Thunder Bay jail hostage-taking signals need for transformation: Yasir Naqvi
Correctional service has become a 'warehousing system', Minister of Community Safety says
Increasing safety at the Thunder Bay District Jail requires a long-term transformation, according to Ontario's Minister of Community Safety and Corrections Yasir Naqvi, who adds, that work needs to start now.
Naqvi's comments follow a hostage-taking incident at the district jail on Monday night that some union officials have blamed on overcrowding and lack of programming.
Naqvi said 60 per cent of those in custody in the province are currently on remand awaiting trial.
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"One of the biggest challenges we have ... [is] the system has become very much a warehousing system as opposed to truly a correctional system where really one would focus on rehabilitation and reintegration," Naqvi said.
He added the province needs to build strong partnerships with health and social service agencies in order to solve the problem.
"We need to do a better job ... to ensure that people who need the mental health supports or supports around addiction are getting the proper diversion," he said. "And those who have committed serious crimes are the ones who are coming into a jail."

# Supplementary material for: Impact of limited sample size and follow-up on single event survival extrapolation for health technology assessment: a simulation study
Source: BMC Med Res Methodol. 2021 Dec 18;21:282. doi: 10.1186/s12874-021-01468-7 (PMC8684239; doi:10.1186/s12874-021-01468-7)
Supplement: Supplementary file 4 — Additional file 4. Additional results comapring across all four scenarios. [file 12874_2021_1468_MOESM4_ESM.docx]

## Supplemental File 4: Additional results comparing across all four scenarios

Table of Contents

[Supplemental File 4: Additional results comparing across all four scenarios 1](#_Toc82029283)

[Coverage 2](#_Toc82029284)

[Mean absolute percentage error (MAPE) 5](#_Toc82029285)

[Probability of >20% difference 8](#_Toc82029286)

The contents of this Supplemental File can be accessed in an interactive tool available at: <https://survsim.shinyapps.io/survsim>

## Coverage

Doing that would allow the correctional service to better focus on programming, rehabilitation and reintegration, he said.
Naqvi's ministry has confirmed a pair of investigations are underway into the hostage-taking.
A Ministry spokesperson said police are conducting a criminal investigation, while the province does its own internal probe.
Incident will force change
A spokesperson for corrections workers with the Ontario Public Services Employees Union in Thunder Bay said he's expecting this incident, and the subsequent investigations, will force the system to change.
"There was a riot, and it was well before my time in the late-mid 70's, late 70's, at the Thunder Bay jail, I remember watching it on [CBC's] The National one night," Greg Arnold recalled.
"Offenders had taken control of the jail at that time, and I do remember, not being in corrections yet, but I remember significant changes were made," he said.
Arnold said he feels the age of the building also played a part in Tuesday's incident. The building is more than 90 years old, he noted.
Naqvi told CBC he is aware of concerns about the aging building but could not yet say when it might be upgraded or replaced.